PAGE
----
Melange zone III (Pavlides, 1989). Phyllite and schist matrix contains abundant euhedral magnetite; many matrix rocks are highly deformed on a mesoscopic and microscopic scale. Mafic exotic blocks (mf) include amphibolite, ultra mafic rocks, serpentinite, and talc; many mafic and ultra mafic blocks are composite. Biotite gneiss blocks (gn) are also present. Metavolcanic olistoliths (vo) are rare. Geophysical signature: Strong positive magnetic anomaly. This unit is intruded by the Ellisville biotite granodiorite (SOe).
Grayish-green to dark-yellowish-green, fine-grained, schistose chlorite- and actinolite-bearing metabasalt, commonly associated with epidosite segregations. Mineralogy: chlorite + actinolite + albite + epidote + titanite ± quartz + magnetite. Relict clinopyroxene is common; biotite porphyroblasts occur locally in southeastern outcrop belts. Geophysical signature: The Catoctin as a whole has a strong positive magnetic signature. However, between Warrenton and Culpeper the lowest part of the Catoctin, which consists of low-titanium metabasalt and low-titanium metabasalt breccia, is non-magnetic, and displays a strong negative anomaly. Metabasalt (CZc) is by far the most widespread unit comprising 3000 feet or more of section (Gathright and others, 1977). Primary volcanic features are well preserved in many places. In the north west ern outcrop belt, these include vesicles and amygdules, sedimentary dikes, flow-top breccia, and columnar joints (Reed, 1955; Gathright, 1976; Bartholomew, 1977); relict pillow structures have been reported in Catoctin greenstones east of Buena Vista (Spencer and others, 1989). In the southeastern outcrop belt, amygdaloidal metabasalts are common, as are volcanoclastic rocks interbedded with basaltic fl ows (Rossman, 1991). Fragmental zones occur locally between individual lava fl ows; map-scale hyaloclastite pillow breccias occur at three strati raphic levels within the southeastern outcrop belt (CZcb, CZhb, CZlb; Espenshade, 1986; Kline and others, 1990).
Metagraywackes are quartzose chlorite or biotite schists containing very fine to coarse granules of blue quartz; primary graded laminations have been transposed by shearing into elongate lozenges that give the rock a distinctive pin-striped appearance in weathered surfaces perpendicular to schistosity. A mylonitic fabric is superimposed in varying degrees, as are late-stage chevron-style folds. In Buckingham, Appomattox, and Campbell Counties, rocks in this unit are progressively more tectonized from east to west across the outcrop belt; in the western portion, the dominant lithology is a polydeformed, mylonitic mica schist with abundant quartz-rich boudins; transposed pinstriped lamination or segregation layering at a high angle to mylonitic schistosity is characteristic. Metagabbroic blocks ranging in size from 5 cm to 3 m across and larger have been identified at widely scattered locations throughout the outcrop belt. Mineralogy: quartz + albite + epidote + chlorite + muscovite + magnetite ± chloritoid ± calcite; biotite- and staurolite-bearing assemblages occur in Appomattox and Campbell Counties. Detrital minerals identifi ed in thin section include plagioclase, perthite, epidote, magnetite, tourmaline, and titanite. Lithic fragments include dacite tuff, gabbro, and monocrystalline quartz with zircon and biotite inclusions (Evans, 1984). The northern portion of the outcrop belt includes melange zone IV of the Mine Run complex of Pavlides (1989; 1990). In Albemarle and Fluvanna counties, CZpm includes the lower chlorite-muscovite unit of Smith and others (1964) and Hardware metagraywacke of Evans (1984). In Appomattox and Buckingham Counties, polydeformed quartzose mica schists in the western portion of the outcrop belt are lithologically indistinguishable from schists mapped as Fork Mountain Formation in structural blocks that occur to the west; these units are considered to be at least in part correlative. In Campbell County, polydeformed metagraywacke and mica schist is intruded by the Cambrian-age Melrose Granite (Cm).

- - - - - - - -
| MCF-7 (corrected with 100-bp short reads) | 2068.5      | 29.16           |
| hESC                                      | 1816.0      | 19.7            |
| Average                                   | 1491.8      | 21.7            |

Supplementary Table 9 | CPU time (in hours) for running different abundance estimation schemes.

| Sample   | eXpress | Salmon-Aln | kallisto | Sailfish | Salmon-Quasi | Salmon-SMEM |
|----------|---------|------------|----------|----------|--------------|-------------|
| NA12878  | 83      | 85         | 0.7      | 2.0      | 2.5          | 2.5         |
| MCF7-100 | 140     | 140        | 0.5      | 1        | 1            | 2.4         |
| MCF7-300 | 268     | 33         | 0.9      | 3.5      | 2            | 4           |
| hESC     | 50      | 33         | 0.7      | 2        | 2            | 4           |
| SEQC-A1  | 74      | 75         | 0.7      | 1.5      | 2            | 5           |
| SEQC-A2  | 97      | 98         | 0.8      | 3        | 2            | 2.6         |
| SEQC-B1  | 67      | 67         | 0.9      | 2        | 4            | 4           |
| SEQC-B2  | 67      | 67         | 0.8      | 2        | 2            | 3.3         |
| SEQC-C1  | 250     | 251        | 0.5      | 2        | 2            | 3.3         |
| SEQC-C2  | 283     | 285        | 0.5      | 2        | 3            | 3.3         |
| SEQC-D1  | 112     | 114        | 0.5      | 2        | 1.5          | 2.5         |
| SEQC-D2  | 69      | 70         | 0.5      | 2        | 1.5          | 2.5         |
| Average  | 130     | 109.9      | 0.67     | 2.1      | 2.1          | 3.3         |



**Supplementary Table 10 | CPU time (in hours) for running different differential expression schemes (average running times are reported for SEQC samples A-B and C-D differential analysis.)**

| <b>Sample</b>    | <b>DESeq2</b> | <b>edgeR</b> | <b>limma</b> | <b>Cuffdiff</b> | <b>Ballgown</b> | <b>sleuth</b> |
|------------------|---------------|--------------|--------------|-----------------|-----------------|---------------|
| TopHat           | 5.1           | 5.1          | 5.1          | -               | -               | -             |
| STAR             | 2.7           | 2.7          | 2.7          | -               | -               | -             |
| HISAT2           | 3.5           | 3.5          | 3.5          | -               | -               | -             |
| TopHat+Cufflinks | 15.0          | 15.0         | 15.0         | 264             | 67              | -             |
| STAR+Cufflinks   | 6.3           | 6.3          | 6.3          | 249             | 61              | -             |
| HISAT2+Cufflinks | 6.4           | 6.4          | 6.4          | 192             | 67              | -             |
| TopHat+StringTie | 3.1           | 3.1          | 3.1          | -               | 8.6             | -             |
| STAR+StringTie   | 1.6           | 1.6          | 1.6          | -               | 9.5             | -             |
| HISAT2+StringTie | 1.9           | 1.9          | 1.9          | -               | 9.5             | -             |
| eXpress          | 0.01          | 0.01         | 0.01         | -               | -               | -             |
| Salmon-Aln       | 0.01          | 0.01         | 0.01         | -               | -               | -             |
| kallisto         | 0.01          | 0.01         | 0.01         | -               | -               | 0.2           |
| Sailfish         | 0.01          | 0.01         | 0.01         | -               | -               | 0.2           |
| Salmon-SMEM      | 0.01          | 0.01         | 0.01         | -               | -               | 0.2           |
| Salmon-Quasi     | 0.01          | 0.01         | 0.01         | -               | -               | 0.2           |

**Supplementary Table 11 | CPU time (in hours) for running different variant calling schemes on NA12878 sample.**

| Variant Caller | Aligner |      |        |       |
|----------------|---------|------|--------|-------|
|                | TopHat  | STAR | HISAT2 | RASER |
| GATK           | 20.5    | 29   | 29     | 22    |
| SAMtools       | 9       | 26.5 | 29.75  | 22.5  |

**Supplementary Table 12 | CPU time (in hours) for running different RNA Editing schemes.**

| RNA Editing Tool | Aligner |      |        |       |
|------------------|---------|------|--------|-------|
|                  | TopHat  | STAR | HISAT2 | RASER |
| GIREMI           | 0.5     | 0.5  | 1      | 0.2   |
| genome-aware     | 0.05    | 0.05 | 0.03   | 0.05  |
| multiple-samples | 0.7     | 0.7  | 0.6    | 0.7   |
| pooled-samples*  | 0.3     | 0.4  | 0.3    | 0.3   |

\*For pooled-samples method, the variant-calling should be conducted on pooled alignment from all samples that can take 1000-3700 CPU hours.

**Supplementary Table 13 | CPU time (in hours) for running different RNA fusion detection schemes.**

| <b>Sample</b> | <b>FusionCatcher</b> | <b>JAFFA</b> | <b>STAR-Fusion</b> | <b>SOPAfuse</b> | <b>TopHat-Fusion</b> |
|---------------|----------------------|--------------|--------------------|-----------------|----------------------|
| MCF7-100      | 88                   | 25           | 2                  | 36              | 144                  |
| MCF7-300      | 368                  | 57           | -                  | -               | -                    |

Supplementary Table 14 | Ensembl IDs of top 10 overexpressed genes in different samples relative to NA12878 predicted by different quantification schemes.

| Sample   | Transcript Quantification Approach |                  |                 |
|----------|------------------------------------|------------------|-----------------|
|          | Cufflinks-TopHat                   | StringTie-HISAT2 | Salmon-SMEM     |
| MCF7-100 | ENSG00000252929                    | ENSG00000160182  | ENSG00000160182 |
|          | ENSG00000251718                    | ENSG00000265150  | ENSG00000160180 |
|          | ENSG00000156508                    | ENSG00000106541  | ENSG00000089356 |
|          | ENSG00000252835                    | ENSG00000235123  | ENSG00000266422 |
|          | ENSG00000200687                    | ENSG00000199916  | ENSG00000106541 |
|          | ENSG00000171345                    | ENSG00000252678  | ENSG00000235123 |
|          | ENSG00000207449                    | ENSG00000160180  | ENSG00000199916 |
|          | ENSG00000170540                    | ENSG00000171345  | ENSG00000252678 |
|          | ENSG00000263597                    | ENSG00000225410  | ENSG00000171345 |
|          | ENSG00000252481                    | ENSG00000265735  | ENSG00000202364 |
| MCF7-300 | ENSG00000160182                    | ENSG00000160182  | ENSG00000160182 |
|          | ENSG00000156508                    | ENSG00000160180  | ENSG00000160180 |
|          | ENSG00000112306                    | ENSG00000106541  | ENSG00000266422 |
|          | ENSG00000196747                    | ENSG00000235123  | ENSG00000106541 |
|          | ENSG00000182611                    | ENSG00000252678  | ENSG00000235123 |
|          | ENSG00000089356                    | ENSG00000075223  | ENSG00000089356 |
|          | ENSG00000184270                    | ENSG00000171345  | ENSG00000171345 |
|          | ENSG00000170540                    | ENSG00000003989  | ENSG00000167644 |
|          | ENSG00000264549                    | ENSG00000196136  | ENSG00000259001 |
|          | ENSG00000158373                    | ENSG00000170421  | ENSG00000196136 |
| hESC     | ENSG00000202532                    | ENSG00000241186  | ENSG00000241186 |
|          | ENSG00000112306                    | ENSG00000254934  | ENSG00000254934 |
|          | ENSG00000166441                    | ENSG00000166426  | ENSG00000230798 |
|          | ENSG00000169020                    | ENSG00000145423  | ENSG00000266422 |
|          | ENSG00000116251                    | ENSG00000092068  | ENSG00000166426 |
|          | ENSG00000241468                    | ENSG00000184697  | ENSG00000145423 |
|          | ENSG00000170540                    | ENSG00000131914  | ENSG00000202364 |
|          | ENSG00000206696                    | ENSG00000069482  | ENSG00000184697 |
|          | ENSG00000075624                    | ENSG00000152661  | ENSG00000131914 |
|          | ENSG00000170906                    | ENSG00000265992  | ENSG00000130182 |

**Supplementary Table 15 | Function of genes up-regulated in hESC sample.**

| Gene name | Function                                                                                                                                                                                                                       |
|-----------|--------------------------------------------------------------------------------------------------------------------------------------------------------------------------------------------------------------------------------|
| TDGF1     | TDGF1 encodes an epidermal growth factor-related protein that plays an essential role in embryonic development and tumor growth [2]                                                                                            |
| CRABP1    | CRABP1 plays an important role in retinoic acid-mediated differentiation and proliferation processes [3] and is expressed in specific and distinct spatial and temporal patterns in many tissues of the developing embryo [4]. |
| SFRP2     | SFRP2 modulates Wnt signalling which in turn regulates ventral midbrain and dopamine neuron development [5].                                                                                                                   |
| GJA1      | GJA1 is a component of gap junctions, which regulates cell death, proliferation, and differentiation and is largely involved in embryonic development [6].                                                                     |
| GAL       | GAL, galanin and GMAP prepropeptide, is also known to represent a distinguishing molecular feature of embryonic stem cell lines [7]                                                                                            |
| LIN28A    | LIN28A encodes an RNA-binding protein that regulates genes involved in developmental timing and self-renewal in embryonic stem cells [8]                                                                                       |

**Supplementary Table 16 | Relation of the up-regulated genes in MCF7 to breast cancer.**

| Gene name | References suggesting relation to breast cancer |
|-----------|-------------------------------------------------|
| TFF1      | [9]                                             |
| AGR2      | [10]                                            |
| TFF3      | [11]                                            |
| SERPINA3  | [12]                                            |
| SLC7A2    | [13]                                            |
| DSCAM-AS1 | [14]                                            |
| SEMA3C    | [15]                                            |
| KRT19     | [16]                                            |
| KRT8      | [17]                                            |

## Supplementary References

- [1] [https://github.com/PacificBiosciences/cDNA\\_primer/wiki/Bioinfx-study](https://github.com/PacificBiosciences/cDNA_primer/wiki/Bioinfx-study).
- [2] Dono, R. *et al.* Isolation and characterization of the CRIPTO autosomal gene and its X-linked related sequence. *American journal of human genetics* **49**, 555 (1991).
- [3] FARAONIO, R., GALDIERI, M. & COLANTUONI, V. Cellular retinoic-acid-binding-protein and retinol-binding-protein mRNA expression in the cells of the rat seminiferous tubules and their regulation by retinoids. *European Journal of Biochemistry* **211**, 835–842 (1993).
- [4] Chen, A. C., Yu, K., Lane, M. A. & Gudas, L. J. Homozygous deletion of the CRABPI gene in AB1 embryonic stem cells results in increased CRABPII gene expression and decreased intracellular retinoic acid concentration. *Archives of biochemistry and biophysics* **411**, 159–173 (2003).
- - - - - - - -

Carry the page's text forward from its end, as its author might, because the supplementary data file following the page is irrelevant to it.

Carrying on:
Melange zone II (Pavlides, 1989). Schist (Pavlides, 1989). Schist and phyllite matrix is more complexly deformed than the matrix of melange zone I; contains metavolcanic blocks (vo) similar to Chopawamsic Formation rocks (Ccv), in addition to granitoid blocks of altered tonalite and granodiorite (gr); intruded by the Ellisville biotite granodiorite (SOe).
Medium- to dark-gray and greenish- gray mica phyllite and sandy laminated schist. Lenses and pods of feldspathic quartzite, metamorphosed quartzarenite, dolomitic marble, and dark-gray to medium-bluish-gray, laminated marble are common in the upper part. Mineralogy: quartz + albite + muscovite + chlorite + magnetite-ilmenite + epidote ± biotite ± chloritoid ± calcite. Chloritoid and magnetite porphyroblasts are common near the Bowens Creek fault. Geophysical signature: Low amplitude, linear magnetic highs are superimposed on a pronounced southeast-sloping magnetic gradient between Alligator Back units northwest of the Candler and a persistant linear magnetic trough localized along the trend of the Bowens Creek fault zone. Microstructural elements in the upper Candler indicate dextral transpression along a continuous shear zone (Bowens Creek fault zone) within the Candler outcrop belt from the Virginia-North Carolina boundary in Patrick County northeastward to at least the north end of Buffalo Ridge on the Amherst-Campbell County line. Conley and Henika (1970) and Gates (1986) hypothesized that the Bowens Creek fault is part of a major strike slip (wrench) system that is part or a continuation of the Brevard fault zone to the southwest . Northeast of the Scottsville Mesozoic basin, the Candler includes laminated metasiltstone (Ccas), ferruginous metatuff, dolomitic marble, and phyllite that are conformable above Catoctin metabasalt (Evans, 1984; Conley, 1989; Rossman, 1991); in Orange County, the Candler includes the True Blue formation of Pavlides (1989, 1990).